Germany's upstart Pirate Party has overtaken the Greens to become the third strongest political grouping in the country, according to a new poll.
The survey by Forsa for broadcaster RTL showed support for the Pirates, whose platform is based on internet freedom and more direct participation in politics, pushing up to 13 percent and outstripping the Greens for the first time.
An off-shoot of a party that was founded in Sweden six years ago, the German Pirates came out of nowhere last September to win seats in the city government in Berlin.
At first dismissed as a passing fad by the established parties, the Pirates followed up their success in Berlin with a strong showing in the state of Saarland last month and now look on track to make it into regional assemblies in two other states -- North Rhine-Westphalia and Schleswig Holstein -- next month.
Their rise has thrown the Greens in particular onto the defensive, threatening their hold on younger voters disillusioned with the two big parties -- the Christian Democrats (CDU) and Social Democrats (SPD) -- that have dominated post-war politics in Germany.
The Greens, who rose to prominence in the 1980s on a pacifist, anti-nuclear platform, are now struggling to differentiate themselves from the big established parties after CDU Chancellor Angela Merkel dropped her support for nuclear power last year following the Fukushima disaster in Japan.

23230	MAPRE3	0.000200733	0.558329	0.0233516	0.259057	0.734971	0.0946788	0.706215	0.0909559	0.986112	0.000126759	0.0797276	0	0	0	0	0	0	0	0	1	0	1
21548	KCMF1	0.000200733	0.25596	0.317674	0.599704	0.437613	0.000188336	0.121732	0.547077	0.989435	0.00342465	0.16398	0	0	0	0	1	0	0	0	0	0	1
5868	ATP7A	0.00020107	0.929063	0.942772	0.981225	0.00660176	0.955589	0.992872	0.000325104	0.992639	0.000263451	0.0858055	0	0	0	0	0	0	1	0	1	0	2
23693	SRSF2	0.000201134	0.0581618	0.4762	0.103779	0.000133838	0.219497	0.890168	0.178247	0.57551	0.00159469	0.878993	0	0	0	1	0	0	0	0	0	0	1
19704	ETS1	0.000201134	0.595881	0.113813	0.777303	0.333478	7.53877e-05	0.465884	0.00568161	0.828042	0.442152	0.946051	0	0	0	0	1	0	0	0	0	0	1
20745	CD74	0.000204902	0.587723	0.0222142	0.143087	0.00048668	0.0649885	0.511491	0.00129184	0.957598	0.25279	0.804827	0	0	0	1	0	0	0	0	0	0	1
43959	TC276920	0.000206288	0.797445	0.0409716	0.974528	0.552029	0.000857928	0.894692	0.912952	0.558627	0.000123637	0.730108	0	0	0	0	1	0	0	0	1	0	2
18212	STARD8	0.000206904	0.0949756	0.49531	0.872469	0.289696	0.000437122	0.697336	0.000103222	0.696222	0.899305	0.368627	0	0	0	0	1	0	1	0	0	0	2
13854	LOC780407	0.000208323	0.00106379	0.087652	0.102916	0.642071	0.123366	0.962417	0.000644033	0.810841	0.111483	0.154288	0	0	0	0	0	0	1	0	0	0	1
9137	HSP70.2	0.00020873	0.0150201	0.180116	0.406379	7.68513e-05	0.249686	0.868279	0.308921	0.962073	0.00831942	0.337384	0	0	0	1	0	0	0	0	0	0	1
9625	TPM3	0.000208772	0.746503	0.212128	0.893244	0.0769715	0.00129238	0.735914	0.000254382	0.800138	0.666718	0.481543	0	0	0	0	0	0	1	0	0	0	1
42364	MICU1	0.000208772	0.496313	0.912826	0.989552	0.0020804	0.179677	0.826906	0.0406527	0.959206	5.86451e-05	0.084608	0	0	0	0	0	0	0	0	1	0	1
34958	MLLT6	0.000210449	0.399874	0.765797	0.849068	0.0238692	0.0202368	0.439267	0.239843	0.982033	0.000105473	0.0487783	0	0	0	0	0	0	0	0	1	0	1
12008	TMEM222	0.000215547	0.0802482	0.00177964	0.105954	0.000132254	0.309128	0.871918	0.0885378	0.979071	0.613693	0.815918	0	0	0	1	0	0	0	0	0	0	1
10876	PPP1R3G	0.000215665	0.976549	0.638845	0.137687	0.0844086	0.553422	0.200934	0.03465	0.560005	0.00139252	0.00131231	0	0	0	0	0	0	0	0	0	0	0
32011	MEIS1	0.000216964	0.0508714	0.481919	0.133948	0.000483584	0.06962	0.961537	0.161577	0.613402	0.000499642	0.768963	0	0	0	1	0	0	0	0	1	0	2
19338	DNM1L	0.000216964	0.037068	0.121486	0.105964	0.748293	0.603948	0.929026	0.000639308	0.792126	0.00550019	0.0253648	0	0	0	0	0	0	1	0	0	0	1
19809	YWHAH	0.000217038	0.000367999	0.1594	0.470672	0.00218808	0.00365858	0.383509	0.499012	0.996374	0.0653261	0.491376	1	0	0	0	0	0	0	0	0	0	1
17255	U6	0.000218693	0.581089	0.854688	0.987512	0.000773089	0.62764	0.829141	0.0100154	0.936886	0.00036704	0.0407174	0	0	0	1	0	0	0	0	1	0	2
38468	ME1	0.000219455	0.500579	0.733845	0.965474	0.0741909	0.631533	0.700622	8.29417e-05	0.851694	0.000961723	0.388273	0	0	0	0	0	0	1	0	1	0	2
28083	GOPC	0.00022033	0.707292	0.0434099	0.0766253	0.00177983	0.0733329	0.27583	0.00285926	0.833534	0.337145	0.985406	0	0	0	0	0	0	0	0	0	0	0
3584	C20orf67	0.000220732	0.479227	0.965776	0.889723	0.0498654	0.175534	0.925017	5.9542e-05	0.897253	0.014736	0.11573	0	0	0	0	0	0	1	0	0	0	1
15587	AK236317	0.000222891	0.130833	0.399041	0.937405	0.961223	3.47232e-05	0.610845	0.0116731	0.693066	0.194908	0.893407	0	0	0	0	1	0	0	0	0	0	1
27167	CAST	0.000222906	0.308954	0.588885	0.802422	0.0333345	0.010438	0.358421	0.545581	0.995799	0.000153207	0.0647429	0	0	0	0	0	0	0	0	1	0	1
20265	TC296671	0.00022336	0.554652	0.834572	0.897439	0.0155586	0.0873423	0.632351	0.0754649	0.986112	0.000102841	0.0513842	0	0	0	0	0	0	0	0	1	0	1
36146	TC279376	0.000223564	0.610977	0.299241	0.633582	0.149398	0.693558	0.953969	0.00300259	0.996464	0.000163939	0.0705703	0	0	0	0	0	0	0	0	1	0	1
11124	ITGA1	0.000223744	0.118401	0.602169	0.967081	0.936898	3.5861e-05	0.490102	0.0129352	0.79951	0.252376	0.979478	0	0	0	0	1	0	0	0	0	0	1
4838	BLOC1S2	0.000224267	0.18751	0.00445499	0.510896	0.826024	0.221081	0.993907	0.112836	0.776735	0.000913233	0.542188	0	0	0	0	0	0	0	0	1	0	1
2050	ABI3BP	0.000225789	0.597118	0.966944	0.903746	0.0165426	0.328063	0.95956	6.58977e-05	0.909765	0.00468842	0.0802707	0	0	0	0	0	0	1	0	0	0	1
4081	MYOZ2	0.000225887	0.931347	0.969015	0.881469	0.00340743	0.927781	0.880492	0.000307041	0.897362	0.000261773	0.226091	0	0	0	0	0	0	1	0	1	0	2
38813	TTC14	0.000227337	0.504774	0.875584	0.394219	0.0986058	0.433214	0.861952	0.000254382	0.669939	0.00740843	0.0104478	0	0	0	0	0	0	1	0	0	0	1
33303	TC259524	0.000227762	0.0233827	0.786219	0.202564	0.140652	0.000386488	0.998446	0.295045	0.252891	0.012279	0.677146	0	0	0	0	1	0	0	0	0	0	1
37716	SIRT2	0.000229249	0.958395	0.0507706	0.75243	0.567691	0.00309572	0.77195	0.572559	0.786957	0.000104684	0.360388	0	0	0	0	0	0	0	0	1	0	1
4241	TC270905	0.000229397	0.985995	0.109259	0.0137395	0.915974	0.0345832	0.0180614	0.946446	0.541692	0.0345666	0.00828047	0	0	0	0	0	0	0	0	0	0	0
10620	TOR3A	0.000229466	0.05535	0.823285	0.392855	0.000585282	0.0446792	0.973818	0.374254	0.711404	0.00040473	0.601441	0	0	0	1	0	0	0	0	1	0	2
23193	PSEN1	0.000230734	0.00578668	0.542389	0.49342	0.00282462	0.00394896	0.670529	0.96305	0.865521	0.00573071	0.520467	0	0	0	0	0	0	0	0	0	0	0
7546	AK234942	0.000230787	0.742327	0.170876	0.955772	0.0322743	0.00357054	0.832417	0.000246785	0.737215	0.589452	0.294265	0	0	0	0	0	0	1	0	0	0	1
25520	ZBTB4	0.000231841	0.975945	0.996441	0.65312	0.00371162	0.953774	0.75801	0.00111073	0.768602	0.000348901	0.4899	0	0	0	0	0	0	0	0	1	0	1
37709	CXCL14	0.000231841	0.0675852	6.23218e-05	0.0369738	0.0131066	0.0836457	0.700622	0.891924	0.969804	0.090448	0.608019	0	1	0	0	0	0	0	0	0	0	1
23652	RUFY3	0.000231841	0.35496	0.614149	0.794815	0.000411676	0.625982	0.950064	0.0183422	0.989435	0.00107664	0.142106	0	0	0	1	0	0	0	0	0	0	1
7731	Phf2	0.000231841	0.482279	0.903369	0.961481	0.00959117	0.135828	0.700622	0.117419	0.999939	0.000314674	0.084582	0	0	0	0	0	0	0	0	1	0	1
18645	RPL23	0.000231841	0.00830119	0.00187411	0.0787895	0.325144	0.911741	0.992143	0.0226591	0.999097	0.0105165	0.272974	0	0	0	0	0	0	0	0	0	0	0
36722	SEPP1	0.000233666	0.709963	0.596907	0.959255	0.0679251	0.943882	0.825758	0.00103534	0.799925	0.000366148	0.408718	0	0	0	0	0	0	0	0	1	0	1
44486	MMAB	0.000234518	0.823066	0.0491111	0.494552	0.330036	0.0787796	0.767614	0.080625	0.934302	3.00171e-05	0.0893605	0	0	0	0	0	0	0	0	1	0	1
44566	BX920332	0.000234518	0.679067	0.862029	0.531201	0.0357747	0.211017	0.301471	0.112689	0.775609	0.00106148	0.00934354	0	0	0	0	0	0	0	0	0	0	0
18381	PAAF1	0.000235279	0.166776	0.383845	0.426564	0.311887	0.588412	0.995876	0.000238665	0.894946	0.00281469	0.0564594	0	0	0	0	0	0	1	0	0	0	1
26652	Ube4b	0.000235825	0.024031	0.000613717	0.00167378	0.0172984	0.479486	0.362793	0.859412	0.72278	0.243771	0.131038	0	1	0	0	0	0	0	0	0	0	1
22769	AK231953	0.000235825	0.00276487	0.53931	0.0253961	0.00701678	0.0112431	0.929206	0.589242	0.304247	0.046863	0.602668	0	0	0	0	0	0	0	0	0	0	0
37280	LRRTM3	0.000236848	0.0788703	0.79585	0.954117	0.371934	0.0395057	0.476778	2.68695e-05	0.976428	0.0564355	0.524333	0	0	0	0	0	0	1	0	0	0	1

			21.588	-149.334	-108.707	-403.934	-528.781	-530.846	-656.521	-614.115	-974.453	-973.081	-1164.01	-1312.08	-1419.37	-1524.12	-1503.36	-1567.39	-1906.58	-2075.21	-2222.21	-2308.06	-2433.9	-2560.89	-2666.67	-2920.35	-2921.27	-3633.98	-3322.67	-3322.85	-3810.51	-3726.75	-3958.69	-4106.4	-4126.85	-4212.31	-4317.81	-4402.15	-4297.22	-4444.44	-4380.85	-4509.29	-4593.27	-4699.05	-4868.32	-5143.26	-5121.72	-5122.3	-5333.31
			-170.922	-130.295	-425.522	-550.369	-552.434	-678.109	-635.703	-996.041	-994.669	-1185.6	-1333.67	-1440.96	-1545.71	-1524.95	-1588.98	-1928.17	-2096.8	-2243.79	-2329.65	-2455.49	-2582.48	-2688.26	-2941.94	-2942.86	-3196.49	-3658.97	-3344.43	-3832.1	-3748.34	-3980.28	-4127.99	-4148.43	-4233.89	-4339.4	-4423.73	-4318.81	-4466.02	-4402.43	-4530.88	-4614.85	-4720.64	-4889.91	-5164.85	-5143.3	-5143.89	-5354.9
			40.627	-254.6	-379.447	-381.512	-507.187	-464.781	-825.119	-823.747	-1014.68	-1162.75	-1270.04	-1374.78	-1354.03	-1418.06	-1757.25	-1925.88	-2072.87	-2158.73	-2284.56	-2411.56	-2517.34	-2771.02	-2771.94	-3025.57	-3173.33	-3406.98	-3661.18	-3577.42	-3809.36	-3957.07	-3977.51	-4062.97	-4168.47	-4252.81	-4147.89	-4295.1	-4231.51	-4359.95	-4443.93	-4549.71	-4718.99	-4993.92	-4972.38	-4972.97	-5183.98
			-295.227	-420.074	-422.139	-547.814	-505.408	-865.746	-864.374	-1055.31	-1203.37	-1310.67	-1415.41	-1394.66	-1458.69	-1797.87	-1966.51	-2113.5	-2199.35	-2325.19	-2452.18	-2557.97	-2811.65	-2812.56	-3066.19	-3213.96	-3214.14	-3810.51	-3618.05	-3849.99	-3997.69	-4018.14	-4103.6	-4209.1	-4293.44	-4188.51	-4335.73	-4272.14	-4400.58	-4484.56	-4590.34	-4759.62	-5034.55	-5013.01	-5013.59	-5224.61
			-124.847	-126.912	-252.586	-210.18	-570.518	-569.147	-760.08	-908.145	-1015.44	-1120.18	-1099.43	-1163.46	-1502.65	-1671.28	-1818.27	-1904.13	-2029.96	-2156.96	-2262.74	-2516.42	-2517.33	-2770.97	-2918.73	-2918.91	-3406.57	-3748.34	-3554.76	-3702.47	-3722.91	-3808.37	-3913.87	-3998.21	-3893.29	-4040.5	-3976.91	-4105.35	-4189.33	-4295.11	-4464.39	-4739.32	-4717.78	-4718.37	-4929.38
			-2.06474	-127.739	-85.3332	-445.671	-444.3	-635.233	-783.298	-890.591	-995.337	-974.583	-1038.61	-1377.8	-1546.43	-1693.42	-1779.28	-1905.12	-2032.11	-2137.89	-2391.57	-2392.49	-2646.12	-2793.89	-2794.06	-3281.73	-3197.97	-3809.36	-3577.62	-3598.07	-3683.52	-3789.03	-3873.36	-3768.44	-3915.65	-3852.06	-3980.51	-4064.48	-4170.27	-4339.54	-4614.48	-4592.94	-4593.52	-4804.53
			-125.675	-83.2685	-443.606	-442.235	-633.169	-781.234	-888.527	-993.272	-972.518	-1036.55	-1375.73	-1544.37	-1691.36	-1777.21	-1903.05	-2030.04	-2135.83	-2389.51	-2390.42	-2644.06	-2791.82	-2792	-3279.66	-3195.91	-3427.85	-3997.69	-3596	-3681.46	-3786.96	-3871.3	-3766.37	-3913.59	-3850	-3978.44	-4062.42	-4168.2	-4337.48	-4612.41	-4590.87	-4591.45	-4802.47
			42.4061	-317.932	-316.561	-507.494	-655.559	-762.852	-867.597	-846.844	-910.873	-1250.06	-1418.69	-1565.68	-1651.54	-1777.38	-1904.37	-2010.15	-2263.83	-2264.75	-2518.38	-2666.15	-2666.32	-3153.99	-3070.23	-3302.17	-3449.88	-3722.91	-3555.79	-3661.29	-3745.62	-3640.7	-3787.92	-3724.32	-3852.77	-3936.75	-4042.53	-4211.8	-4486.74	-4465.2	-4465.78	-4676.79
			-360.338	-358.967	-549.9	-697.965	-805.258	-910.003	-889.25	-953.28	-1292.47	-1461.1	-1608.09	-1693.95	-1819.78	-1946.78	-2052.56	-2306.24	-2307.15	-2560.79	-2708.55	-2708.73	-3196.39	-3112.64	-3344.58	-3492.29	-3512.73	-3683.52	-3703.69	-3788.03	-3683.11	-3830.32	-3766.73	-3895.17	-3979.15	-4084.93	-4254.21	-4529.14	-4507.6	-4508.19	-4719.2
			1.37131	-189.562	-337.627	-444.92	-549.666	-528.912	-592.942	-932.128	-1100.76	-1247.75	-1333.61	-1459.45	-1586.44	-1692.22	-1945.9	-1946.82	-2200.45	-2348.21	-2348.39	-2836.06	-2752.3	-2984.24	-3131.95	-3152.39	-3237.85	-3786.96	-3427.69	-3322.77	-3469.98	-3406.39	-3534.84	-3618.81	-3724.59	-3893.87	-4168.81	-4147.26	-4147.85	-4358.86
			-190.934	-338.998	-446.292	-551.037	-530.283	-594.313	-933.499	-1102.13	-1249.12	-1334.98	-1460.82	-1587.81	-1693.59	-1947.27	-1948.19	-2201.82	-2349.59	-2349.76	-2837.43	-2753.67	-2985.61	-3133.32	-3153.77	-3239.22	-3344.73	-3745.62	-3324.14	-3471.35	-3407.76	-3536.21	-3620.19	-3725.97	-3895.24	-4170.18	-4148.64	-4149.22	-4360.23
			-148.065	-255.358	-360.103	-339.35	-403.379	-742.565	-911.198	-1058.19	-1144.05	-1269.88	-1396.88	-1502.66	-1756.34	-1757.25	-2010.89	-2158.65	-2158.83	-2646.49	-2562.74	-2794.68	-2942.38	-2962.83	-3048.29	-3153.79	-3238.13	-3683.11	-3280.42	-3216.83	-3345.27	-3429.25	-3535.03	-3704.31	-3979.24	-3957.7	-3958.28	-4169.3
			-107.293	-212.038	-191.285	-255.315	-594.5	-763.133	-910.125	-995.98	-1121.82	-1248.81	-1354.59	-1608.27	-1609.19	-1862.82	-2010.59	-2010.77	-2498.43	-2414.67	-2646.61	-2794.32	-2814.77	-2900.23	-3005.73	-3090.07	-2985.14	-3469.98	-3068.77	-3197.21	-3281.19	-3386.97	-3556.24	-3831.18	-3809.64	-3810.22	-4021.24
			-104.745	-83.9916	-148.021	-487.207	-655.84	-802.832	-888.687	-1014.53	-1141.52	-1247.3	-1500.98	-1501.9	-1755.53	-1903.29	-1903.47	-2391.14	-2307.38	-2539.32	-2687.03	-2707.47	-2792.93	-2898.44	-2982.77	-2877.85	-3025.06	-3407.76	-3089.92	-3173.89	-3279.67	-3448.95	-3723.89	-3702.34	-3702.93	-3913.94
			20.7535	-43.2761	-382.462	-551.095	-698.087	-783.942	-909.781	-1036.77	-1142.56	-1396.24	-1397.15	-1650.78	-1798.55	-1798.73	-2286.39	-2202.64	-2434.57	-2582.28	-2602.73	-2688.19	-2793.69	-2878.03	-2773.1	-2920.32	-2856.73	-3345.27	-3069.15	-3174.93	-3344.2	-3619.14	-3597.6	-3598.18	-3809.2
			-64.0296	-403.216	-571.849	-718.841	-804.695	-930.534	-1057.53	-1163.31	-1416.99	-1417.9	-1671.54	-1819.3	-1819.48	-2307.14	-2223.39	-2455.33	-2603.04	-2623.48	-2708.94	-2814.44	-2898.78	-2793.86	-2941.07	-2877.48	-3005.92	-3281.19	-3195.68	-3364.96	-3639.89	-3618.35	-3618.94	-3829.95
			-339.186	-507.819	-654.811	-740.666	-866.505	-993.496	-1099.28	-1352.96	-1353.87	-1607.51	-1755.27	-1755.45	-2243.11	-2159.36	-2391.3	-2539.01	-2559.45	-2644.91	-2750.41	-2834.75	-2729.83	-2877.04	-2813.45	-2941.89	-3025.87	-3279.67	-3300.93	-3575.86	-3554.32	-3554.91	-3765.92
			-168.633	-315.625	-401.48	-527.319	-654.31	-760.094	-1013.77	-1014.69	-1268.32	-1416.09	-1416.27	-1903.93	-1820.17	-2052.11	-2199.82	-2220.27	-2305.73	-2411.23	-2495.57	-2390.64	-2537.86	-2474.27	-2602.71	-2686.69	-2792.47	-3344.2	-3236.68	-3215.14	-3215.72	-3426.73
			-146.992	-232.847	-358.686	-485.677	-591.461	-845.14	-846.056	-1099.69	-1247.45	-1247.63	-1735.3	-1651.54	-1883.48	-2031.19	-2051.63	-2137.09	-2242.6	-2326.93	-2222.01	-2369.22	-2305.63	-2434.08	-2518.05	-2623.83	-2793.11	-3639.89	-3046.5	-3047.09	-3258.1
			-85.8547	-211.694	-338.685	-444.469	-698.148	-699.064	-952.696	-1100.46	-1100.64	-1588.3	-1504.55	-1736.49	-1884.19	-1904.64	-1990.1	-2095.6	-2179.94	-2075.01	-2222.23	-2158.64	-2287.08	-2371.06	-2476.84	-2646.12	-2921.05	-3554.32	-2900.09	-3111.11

“For many young people, the Greens have become an old party. The anti-nuclear theme just doesn't lure voters like it used to,” said Manfred Guellner, director of Forsa.
The poll showed the Greens on 11 percent, just half the levels they were scoring last year in the immediate aftermath of Fukushima. The SPD stood at 24 percent and the far-left Left party on 8 percent.
The survey showed the Free Democrats (FDP), a business-friendly party whose support has collapsed over the past year amid policy missteps and infighting, back at the 5 percent level needed to enter parliament for the first time in nearly a year.
The FDP, junior partners to Merkel's CDU in the federal government in Berlin, may have lured back some traditional free-market supporters with their recent decision to veto state aid for sacked employees of bankrupt drug store firm Schlecker.
The return of the FDP above the 5 percent threshold and the rise of the Pirates has raised the prospect of six party groupings -- the CDU/CSU, SPD, Pirates, Greens, Left and FDP -- regularly making it into German parliaments at the state and national level.
That would further complicate coalition-building and could increase the likelihood of so-called “grand coalitions” of the CDU and SPD being formed.
Merkel presided over such a coalition during her first term between 2005 and 2009, and a similar partnership of the center-right and center-left is seen by many as the most likely outcome of the next federal vote in 2013.
The Forsa survey put Merkel's CDU and its Bavarian sister party, the Christian Social Union (CSU), on a combined 36 percent.